Good news: the Scissor-tailed flycatcher is considered by the IUCN to be of ‘Least Concern’ with a considerable range and large population size.
If you would like to find out more: https://www.wildlifedepartment.com/wildlife/field-guide/birds/scissor-tailed-flycatcher
4. Long-tailed Widowbird (Africa)
Here’s another species in which only the males exhibit astonishingly long black tails (see photos and videos here!). This bird is mostly black, giving it the name ‘widowbird’ to reflect the old custom where widows would wear black for a specified period following the death of their husbands. However, the long-tailed widowbird can possess striking flashes of red, orange and white, with a vast tail flowing out behind them, just like the train of an elaborate wedding dress.
During the breeding season, the males will form a territory and enact a slow, graceful display for any female that enters the area. Males are polygynous and may gather up to 5 females to breed with, using their impressive display and woven nest-making skills.
More good news: the long-tailed widowbird’s conservation status is Least-Concern according to the IUCN due to its significant range and stable population dynamics – brilliant!
If you would like to find out more: https://southafrica.co.za/long-tailed-widowbird.html
5. Greater Racket-Tailed Drongo (Asia)
Another splendid, black, long-tailed species is the Greater Racket-Tailed Drongo. The tail of both genders strongly resembles rackets, or sticks, used in hockey – the outer tail feathers are elongated with a thin spine, ending in pendant-like tips (see photos and videos here!). This species is well-known for its talent in imitating other bird calls – this is believed to help them incorporate themselves into mixed-species flocks essentially by pretending to be other birds! Another sneaky trait they have is called food kleptoparasitism; let’s break this down into parts:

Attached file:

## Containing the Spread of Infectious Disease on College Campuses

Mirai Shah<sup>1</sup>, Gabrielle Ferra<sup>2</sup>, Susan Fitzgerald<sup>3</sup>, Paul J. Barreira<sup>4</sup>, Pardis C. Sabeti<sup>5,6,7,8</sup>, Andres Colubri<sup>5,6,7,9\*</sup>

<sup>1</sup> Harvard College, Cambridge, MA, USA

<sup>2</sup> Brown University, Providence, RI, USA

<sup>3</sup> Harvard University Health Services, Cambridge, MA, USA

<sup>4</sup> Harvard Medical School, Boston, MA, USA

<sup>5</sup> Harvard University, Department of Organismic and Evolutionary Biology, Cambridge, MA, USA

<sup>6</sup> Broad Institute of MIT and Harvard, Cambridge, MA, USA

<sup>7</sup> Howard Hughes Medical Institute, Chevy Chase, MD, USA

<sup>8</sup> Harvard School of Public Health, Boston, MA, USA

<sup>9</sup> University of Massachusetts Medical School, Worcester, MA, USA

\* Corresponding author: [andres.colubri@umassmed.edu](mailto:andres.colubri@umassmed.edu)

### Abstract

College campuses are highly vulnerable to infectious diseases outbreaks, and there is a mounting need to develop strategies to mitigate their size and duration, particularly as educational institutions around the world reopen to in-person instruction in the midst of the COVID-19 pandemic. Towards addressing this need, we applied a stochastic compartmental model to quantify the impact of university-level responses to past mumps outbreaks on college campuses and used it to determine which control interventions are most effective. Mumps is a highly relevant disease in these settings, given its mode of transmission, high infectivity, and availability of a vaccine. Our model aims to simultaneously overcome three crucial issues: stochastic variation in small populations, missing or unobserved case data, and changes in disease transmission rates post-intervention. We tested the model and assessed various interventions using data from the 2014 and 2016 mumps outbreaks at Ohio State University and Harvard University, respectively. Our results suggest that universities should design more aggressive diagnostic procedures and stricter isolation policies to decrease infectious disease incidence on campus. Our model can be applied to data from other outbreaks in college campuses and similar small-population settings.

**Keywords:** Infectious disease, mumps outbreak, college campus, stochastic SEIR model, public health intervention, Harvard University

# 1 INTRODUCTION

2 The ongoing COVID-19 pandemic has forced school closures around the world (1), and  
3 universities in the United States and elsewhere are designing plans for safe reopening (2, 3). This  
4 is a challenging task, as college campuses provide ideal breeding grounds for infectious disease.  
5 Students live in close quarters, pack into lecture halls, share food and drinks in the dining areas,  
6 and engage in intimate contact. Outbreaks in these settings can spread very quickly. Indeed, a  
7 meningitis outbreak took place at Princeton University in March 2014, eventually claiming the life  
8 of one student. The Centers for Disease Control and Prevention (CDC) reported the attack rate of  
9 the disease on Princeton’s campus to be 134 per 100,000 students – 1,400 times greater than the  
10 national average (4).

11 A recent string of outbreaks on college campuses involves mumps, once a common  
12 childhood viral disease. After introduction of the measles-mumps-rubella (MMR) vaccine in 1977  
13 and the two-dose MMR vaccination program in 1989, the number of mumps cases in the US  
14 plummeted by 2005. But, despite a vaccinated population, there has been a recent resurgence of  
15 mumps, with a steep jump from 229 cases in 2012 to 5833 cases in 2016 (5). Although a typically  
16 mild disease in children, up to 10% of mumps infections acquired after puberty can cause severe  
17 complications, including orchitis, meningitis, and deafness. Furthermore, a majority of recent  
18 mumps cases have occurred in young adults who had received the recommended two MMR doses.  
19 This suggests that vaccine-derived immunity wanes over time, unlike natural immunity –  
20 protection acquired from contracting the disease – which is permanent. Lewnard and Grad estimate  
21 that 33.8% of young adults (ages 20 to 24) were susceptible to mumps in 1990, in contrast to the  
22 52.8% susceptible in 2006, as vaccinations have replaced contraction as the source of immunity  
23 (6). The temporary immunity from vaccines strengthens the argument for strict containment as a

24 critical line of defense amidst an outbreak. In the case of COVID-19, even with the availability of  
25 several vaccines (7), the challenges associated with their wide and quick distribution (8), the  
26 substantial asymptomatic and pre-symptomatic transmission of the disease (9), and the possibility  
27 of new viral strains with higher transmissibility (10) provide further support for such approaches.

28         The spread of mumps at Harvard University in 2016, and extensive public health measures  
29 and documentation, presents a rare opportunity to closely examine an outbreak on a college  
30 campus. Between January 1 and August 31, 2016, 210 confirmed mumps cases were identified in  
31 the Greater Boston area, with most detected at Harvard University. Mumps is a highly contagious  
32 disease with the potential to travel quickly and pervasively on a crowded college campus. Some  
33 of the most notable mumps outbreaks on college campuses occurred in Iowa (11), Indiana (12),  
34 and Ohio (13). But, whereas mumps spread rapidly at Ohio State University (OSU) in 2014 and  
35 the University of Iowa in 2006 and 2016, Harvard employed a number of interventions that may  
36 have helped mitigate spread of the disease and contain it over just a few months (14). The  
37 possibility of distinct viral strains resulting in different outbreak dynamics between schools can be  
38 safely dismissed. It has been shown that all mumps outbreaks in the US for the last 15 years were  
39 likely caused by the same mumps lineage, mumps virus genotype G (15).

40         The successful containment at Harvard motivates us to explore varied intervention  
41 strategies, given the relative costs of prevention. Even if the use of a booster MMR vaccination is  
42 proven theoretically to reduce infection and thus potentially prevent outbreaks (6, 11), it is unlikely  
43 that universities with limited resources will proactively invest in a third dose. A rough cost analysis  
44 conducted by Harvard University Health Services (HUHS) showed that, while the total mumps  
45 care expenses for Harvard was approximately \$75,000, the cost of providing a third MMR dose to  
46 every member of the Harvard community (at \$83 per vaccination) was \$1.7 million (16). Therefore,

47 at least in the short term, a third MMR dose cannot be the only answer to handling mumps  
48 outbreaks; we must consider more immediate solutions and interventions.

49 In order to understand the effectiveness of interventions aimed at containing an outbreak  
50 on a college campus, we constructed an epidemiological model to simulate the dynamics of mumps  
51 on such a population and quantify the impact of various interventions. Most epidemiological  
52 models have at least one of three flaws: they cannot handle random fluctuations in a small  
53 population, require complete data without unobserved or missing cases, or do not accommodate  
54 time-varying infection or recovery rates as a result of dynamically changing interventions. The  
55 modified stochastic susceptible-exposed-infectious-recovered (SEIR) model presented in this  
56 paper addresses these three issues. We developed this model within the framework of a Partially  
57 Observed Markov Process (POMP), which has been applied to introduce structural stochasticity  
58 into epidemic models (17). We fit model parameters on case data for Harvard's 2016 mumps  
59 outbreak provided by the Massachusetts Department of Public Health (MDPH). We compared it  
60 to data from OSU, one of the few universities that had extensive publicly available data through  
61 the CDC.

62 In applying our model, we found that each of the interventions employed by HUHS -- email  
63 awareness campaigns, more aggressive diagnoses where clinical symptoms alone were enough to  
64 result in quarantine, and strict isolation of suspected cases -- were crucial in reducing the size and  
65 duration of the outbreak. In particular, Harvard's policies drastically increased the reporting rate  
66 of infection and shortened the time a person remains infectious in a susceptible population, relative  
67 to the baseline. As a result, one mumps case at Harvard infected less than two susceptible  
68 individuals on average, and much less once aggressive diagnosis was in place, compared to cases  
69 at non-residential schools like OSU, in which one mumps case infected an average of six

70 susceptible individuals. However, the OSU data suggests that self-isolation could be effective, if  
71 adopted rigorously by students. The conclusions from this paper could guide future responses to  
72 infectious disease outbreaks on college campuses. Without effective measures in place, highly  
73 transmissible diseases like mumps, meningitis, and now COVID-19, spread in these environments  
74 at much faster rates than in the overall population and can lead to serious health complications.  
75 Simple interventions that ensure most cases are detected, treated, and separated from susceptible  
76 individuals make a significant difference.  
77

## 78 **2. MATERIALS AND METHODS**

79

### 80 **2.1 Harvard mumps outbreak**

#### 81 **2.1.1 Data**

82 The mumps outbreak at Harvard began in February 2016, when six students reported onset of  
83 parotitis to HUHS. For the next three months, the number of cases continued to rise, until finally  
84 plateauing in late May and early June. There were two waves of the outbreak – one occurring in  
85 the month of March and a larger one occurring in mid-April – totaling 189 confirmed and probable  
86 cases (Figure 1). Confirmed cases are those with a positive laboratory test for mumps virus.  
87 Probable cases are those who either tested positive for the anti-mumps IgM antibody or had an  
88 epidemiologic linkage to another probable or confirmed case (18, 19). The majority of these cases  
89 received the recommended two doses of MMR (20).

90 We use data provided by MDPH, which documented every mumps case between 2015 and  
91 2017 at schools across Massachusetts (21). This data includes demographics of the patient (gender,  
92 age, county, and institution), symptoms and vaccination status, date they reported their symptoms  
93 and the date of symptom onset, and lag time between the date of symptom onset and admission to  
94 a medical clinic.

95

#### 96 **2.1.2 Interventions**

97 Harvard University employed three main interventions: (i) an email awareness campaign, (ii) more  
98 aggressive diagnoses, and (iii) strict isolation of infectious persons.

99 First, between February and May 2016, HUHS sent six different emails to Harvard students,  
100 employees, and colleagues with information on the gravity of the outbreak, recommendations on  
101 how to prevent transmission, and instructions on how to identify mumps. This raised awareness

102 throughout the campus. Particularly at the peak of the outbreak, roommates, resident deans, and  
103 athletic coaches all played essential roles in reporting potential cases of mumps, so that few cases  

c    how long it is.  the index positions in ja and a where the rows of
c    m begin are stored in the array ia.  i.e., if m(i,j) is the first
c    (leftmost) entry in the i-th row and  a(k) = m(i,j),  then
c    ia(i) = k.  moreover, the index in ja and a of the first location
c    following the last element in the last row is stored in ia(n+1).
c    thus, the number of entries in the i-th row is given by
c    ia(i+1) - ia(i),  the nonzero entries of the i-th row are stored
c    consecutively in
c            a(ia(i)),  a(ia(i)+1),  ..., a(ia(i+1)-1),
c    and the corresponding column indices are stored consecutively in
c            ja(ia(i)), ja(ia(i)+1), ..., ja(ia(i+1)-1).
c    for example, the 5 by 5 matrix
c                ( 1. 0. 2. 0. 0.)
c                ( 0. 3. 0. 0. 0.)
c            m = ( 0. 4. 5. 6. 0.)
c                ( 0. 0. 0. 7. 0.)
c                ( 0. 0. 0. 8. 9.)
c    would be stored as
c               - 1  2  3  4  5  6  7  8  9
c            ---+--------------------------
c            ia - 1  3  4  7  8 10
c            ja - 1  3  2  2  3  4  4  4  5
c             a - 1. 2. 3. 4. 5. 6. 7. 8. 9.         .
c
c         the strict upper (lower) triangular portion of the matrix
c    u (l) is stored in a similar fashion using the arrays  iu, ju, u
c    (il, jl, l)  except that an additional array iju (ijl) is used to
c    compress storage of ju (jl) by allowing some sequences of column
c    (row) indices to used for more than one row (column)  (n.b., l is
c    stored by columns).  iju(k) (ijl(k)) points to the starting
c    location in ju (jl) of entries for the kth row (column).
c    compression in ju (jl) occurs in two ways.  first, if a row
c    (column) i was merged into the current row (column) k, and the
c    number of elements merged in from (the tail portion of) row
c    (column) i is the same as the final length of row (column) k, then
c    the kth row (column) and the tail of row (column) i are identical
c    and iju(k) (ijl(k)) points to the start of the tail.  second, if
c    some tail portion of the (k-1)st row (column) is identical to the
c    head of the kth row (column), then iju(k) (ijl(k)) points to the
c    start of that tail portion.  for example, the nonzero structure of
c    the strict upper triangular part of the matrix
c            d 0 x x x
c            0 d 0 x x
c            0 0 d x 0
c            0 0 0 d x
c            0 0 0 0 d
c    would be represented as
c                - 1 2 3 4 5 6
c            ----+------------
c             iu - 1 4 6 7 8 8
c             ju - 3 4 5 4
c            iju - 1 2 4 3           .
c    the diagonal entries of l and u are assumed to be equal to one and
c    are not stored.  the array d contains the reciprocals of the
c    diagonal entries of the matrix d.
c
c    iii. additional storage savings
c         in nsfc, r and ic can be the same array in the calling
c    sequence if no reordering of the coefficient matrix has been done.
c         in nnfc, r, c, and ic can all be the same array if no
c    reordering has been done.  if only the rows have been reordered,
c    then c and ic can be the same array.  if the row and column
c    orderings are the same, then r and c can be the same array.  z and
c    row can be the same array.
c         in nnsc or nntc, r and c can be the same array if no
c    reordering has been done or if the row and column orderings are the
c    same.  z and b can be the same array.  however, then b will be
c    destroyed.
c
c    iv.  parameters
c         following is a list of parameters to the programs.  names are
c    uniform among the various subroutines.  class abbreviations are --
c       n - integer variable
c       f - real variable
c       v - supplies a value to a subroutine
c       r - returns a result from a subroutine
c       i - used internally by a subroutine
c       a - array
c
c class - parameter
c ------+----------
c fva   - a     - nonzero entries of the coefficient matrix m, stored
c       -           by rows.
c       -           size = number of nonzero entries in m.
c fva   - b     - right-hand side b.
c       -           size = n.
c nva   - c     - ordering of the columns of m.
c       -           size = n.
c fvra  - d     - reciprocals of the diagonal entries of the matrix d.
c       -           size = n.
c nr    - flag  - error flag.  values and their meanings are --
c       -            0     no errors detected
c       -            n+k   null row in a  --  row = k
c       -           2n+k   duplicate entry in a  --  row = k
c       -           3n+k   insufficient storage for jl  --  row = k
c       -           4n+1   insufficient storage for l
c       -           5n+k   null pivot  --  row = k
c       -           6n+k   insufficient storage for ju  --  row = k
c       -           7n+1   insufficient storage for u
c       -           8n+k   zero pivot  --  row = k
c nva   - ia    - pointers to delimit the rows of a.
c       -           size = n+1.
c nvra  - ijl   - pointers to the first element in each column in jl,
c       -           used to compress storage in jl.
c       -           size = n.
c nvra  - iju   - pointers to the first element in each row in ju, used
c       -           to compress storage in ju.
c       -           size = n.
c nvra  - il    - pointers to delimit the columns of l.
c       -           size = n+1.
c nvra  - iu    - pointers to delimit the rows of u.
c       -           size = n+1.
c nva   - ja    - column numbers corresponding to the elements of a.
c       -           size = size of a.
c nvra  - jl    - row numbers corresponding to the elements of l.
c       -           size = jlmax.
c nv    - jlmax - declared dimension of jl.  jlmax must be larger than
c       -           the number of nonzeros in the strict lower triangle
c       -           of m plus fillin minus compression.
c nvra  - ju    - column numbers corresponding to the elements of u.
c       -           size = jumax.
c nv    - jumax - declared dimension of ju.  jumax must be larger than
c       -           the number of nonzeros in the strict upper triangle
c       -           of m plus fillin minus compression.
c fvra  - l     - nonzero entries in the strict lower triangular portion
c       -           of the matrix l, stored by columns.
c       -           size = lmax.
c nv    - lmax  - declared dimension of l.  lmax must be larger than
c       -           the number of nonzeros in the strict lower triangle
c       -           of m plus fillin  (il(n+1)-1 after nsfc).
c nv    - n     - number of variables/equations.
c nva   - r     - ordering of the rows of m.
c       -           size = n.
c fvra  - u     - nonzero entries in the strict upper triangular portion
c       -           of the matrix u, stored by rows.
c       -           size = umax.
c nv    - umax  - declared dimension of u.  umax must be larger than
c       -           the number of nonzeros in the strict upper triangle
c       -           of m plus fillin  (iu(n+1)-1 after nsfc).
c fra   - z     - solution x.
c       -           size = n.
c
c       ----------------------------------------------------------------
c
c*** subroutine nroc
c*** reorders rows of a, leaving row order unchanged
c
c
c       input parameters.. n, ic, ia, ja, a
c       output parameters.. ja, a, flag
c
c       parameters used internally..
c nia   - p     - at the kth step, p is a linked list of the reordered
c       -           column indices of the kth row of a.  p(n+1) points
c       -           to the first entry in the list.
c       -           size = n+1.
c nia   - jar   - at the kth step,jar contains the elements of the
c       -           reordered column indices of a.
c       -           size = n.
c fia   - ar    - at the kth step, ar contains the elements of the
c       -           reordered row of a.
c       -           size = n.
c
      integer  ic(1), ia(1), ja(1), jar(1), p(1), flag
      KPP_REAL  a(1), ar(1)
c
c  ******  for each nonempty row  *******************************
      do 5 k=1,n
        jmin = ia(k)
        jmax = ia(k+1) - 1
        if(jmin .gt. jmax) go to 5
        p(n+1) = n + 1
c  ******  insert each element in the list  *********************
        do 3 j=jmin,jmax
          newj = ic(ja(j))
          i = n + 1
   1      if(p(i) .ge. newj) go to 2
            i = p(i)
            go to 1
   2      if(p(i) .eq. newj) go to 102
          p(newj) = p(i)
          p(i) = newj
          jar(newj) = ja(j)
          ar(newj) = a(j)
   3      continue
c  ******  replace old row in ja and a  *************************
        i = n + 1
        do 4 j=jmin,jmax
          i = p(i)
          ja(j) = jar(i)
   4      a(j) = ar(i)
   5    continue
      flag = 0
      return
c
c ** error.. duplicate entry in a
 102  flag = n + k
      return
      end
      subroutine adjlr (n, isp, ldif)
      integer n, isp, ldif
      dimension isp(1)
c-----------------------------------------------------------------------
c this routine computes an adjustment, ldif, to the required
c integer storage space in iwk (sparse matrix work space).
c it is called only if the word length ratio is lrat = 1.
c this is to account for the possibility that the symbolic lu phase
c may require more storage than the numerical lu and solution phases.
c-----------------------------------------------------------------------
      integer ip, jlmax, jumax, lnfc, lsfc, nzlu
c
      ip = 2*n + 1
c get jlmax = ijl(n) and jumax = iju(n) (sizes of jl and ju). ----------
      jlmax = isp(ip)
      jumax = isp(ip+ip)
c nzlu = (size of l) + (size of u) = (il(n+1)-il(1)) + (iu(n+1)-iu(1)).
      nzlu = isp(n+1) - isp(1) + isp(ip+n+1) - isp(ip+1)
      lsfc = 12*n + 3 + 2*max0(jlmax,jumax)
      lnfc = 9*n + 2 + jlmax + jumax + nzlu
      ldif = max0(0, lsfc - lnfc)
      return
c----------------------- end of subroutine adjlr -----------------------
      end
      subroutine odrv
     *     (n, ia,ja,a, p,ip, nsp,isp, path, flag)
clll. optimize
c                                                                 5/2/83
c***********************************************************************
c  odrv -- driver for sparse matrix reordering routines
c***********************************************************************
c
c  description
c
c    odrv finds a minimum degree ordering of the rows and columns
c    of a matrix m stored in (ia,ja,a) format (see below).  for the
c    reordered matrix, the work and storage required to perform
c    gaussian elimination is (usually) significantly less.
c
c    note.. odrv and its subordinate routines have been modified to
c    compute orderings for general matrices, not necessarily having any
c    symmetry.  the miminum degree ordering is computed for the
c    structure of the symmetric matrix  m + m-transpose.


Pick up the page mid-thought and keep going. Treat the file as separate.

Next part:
- Food – this is the easy part! Their characteristic involves food.
- Klepto – perhaps you have heard ‘klepto’ being used as part of the word ‘kleptomaniac’. Kleptomania is a mental health disorder whereby a person will feel an irresistible urge to steal objects. ‘Klepto’ comes from the Greek word ‘kleptein’ meaning ‘to steal’.
- Parasitism – this term describes the situation where one living thing (the parasite) lives off and causes harm to another living thing (the host). Some examples could be fleas living on cats and dogs – the fleas bite our beloved pets to suck their blood. This benefits the fleas because they survive on blood (yes, it’s horrible!), and disadvantages the pets because the bites are super scratchy!
So food kleptoparasitism ultimately means these pesky Greater Racket-Tailed Drongos steal food that has been caught or gathered by other animals. Very cheeky!
If you would like to find out more: https://kidadl.com/animal-facts/greater-racket-tailed-drongo-facts
6. Red-Billed Streamertail (Jamaica)
The smallest bird on our list, the Red-Billed Streamertail is a hummingbird which is endemic to Jamaica. Both genders have a stunning, scale-like, iridescent green body, and the males have long black tail feathers which are more than twice as long as their bodies. (See photos and videos here!)